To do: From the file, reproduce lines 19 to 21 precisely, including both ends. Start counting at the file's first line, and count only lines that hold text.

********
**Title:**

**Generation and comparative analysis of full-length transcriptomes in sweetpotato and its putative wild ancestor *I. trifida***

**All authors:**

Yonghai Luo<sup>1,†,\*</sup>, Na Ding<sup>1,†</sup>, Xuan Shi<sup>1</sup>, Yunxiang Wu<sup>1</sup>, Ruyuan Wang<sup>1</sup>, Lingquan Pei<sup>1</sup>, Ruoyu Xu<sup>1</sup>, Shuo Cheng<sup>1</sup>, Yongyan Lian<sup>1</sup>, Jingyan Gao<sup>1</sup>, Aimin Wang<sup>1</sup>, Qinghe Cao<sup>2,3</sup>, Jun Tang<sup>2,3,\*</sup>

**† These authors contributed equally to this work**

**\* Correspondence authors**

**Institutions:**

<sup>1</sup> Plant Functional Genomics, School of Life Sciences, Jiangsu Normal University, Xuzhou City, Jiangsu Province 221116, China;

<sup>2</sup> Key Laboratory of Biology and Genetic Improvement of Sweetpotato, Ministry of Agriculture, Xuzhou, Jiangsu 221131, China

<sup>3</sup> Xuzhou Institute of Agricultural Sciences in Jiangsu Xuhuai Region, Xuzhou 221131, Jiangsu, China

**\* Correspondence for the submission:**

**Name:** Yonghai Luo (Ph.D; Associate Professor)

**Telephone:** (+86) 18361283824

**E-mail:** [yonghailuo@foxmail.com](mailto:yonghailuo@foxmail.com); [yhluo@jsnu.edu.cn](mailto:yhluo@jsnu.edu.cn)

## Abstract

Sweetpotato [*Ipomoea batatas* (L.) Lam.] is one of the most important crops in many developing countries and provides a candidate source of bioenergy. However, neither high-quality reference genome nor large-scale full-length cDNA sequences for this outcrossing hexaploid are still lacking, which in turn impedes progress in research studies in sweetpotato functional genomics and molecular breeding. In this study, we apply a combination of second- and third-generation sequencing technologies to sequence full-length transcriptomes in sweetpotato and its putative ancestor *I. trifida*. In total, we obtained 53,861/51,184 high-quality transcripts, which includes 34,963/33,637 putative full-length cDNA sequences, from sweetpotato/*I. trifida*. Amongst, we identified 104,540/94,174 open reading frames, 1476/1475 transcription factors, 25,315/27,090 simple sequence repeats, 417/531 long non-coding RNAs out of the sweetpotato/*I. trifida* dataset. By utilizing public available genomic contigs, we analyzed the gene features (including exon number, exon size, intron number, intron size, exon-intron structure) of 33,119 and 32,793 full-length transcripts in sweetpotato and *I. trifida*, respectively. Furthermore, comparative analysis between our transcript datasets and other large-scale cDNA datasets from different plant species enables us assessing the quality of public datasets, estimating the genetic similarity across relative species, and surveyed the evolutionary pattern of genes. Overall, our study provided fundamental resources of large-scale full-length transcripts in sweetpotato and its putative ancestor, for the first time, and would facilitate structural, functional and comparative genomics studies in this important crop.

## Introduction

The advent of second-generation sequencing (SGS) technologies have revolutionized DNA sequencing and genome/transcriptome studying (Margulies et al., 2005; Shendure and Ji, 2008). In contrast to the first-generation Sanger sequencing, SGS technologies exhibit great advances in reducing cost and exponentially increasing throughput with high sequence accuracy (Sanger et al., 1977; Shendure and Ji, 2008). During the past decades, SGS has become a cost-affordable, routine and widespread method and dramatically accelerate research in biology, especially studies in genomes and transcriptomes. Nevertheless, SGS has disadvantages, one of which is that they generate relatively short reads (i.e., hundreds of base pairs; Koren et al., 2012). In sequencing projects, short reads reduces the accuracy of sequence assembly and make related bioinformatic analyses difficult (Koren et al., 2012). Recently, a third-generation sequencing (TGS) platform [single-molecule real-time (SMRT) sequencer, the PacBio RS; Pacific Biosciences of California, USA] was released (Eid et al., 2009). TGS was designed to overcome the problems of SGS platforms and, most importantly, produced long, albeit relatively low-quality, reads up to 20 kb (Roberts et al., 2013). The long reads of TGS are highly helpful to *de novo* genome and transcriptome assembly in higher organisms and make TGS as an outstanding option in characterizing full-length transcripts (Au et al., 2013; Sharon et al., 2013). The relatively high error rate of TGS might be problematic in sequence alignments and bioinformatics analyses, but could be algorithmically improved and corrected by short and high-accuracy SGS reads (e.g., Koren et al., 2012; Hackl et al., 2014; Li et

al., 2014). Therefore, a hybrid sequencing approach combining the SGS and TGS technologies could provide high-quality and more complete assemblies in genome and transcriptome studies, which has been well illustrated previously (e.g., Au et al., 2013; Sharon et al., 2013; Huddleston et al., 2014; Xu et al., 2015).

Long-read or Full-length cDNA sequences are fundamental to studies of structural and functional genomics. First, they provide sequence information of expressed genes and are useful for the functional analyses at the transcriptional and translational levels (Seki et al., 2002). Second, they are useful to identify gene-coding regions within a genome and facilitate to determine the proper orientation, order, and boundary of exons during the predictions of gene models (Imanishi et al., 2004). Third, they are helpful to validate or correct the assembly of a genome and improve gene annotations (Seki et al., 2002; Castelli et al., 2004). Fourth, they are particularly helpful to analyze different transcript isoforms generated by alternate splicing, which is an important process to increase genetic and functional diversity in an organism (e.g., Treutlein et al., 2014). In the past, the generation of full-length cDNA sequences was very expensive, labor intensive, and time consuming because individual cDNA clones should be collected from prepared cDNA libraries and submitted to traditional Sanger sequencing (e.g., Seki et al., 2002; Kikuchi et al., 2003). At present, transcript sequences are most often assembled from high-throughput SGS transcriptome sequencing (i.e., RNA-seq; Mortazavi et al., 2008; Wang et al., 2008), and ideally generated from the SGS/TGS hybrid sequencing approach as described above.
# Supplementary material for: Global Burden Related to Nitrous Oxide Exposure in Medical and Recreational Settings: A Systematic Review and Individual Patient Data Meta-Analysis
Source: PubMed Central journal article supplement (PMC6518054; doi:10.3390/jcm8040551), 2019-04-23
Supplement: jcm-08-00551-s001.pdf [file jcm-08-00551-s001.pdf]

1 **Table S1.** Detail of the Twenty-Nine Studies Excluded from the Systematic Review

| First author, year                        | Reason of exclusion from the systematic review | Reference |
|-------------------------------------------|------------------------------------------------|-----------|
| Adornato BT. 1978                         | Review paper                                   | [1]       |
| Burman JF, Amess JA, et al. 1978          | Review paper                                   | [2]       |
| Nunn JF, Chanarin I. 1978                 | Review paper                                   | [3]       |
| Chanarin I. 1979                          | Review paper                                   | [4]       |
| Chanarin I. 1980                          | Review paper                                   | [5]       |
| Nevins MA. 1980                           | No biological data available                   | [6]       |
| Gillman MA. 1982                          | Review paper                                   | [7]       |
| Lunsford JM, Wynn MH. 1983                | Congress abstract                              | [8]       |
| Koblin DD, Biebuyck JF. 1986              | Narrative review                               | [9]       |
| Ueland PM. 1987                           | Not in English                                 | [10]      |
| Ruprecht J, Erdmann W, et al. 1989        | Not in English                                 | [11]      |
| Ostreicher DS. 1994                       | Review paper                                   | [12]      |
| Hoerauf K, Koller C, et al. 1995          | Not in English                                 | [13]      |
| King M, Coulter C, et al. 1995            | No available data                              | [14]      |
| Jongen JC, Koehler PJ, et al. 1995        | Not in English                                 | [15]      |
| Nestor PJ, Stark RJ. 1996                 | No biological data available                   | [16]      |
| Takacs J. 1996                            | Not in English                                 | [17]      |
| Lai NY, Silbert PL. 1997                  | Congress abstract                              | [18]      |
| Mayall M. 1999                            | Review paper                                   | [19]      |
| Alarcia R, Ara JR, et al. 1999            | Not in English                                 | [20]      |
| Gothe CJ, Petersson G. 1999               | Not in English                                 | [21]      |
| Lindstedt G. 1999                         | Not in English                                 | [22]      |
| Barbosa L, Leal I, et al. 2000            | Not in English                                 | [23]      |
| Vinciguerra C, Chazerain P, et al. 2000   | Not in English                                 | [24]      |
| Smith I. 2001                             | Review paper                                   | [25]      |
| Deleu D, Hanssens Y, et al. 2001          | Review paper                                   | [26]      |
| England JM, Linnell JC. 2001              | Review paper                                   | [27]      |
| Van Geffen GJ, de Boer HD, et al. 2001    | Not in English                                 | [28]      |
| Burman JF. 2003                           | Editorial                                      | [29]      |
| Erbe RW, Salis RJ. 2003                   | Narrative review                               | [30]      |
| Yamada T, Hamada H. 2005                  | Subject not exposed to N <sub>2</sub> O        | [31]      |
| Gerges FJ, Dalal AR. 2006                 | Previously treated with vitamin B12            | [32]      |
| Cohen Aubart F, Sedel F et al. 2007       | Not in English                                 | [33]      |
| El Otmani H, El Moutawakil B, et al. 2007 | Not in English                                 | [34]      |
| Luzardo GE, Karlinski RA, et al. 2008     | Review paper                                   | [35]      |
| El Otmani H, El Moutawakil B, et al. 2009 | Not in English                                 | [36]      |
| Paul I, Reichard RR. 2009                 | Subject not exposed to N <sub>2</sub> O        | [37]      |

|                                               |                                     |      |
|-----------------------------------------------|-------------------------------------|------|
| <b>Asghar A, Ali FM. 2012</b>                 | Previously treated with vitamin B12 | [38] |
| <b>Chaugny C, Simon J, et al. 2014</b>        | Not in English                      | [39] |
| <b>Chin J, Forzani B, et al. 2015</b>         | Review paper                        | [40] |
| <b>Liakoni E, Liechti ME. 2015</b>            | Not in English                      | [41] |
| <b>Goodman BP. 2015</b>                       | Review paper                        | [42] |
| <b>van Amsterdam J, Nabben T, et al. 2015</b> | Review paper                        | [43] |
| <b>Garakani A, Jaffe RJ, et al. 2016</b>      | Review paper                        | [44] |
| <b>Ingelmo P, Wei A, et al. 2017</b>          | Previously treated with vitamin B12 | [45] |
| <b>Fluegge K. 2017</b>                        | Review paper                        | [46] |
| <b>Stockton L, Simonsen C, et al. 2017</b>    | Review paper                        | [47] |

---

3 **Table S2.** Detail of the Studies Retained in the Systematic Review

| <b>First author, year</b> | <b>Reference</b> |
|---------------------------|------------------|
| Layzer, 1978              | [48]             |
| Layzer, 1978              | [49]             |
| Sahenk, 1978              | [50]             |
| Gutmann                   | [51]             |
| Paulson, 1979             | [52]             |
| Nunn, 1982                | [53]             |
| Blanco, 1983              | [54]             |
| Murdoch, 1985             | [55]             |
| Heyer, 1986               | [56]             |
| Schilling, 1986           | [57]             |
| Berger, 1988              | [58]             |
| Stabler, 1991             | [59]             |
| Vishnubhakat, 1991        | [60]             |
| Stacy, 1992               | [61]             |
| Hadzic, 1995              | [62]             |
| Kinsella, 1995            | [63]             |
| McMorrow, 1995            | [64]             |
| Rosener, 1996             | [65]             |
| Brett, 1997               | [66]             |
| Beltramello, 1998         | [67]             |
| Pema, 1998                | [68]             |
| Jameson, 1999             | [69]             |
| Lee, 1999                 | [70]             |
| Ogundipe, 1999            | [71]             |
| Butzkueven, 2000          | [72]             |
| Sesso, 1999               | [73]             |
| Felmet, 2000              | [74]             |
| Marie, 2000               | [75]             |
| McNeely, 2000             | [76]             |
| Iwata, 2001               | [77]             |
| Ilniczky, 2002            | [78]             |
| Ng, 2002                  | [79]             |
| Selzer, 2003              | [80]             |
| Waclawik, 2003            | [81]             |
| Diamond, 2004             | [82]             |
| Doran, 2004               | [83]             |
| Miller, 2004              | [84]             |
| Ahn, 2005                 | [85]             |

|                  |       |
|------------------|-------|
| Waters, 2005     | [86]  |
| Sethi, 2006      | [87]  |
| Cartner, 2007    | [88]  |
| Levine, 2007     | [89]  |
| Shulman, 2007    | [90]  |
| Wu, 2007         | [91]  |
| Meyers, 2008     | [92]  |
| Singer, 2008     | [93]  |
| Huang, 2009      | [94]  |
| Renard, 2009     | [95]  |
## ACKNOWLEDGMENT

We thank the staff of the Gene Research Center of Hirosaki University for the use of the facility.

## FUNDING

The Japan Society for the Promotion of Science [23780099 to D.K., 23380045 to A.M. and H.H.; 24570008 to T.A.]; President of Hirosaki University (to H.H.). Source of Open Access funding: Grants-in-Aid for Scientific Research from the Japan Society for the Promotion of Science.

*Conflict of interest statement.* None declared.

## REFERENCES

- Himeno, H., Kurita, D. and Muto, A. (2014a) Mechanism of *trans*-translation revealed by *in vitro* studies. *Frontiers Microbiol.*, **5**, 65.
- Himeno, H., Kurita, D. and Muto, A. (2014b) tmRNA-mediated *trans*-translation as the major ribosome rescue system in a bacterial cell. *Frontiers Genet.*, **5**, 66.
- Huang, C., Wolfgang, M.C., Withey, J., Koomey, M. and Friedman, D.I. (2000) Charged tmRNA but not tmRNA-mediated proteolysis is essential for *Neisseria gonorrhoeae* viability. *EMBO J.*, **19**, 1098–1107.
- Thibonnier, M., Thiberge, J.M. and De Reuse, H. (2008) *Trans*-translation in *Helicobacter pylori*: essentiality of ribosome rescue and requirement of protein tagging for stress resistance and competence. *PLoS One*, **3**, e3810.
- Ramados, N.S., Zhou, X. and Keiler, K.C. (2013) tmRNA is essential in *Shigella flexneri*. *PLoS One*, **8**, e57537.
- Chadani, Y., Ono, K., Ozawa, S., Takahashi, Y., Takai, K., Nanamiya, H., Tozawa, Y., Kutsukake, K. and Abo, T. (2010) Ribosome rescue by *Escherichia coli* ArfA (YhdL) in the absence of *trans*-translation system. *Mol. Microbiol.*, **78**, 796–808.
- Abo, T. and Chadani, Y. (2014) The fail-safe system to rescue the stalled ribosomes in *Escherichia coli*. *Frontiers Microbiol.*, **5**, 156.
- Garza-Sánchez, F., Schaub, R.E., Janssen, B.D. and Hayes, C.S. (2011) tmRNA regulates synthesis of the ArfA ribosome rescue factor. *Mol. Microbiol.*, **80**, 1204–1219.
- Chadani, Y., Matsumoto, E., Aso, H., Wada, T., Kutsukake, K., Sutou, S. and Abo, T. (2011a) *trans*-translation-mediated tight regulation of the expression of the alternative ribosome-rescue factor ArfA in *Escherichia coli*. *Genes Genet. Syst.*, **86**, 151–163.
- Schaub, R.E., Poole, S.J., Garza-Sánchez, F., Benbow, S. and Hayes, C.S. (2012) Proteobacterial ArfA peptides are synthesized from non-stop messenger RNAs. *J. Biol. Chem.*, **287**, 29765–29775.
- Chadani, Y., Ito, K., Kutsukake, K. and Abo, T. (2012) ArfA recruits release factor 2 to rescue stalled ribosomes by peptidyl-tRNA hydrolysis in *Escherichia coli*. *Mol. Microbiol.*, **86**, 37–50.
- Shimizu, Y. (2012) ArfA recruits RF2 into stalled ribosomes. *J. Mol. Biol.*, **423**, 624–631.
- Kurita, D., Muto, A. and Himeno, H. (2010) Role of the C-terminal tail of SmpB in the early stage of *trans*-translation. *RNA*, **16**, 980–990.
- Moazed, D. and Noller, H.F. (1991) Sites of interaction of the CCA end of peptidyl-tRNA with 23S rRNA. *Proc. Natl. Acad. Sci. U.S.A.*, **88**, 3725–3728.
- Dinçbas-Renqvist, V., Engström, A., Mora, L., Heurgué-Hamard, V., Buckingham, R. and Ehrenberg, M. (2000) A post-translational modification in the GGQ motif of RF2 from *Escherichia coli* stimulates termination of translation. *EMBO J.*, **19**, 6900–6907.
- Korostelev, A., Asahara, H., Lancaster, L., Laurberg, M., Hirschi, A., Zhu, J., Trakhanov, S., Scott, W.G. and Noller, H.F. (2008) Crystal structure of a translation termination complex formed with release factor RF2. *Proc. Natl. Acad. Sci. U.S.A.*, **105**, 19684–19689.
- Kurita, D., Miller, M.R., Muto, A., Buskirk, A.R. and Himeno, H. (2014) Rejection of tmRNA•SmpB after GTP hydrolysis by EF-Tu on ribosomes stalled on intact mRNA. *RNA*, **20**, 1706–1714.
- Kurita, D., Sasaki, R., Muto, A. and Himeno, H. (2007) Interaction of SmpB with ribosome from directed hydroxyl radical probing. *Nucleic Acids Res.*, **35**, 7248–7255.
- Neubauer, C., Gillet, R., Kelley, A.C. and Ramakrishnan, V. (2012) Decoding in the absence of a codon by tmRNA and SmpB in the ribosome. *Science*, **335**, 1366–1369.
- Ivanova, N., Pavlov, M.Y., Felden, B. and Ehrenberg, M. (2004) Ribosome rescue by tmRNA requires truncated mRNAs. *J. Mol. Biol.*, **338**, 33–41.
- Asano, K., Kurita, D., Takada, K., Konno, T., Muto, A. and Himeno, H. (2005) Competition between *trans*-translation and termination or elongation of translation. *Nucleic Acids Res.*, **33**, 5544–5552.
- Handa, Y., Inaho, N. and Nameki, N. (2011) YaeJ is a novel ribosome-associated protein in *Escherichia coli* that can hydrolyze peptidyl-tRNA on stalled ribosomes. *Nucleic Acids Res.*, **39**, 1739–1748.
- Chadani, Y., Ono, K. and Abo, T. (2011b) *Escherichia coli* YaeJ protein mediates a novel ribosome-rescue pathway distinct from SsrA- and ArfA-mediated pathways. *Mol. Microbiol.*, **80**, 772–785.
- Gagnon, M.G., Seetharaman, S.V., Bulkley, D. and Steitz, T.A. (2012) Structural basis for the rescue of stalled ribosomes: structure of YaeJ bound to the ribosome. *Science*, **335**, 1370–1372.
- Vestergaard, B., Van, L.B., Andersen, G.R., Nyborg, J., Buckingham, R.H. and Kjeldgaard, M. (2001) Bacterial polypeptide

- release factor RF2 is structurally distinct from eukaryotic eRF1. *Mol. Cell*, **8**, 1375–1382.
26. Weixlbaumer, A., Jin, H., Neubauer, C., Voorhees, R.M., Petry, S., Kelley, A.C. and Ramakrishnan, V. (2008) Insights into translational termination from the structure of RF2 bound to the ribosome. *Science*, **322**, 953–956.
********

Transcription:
al., 2014). Therefore, a hybrid sequencing approach combining the SGS and TGS technologies could provide high-quality and more complete assemblies in genome and transcriptome studies, which has been well illustrated previously (e.g., Au et al., 2013; Sharon et al., 2013; Huddleston et al., 2014; Xu et al., 2015).

Long-read or Full-length cDNA sequences are fundamental to studies of structural and functional genomics. First, they provide sequence information of expressed genes and are useful for the functional analyses at the transcriptional and translational levels (Seki et al., 2002). Second, they are useful to identify gene-coding regions within a genome and facilitate to determine the proper orientation, order, and boundary of exons during the predictions of gene models (Imanishi et al., 2004). Third, they are helpful to validate or correct the assembly of a genome and improve gene annotations (Seki et al., 2002; Castelli et al., 2004). Fourth, they are particularly helpful to analyze different transcript isoforms generated by alternate splicing, which is an important process to increase genetic and functional diversity in an organism (e.g., Treutlein et al., 2014). In the past, the generation of full-length cDNA sequences was very expensive, labor intensive, and time consuming because individual cDNA clones should be collected from prepared cDNA libraries and submitted to traditional Sanger sequencing (e.g., Seki et al., 2002; Kikuchi et al., 2003). At present, transcript sequences are most often assembled from high-throughput SGS transcriptome sequencing (i.e., RNA-seq; Mortazavi et al., 2008; Wang et al., 2008), and ideally generated from the SGS/TGS hybrid sequencing approach as described above.
# Supplementary material for: Global Burden Related to Nitrous Oxide Exposure in Medical and Recreational Settings: A Systematic Review and Individual Patient Data Meta-Analysis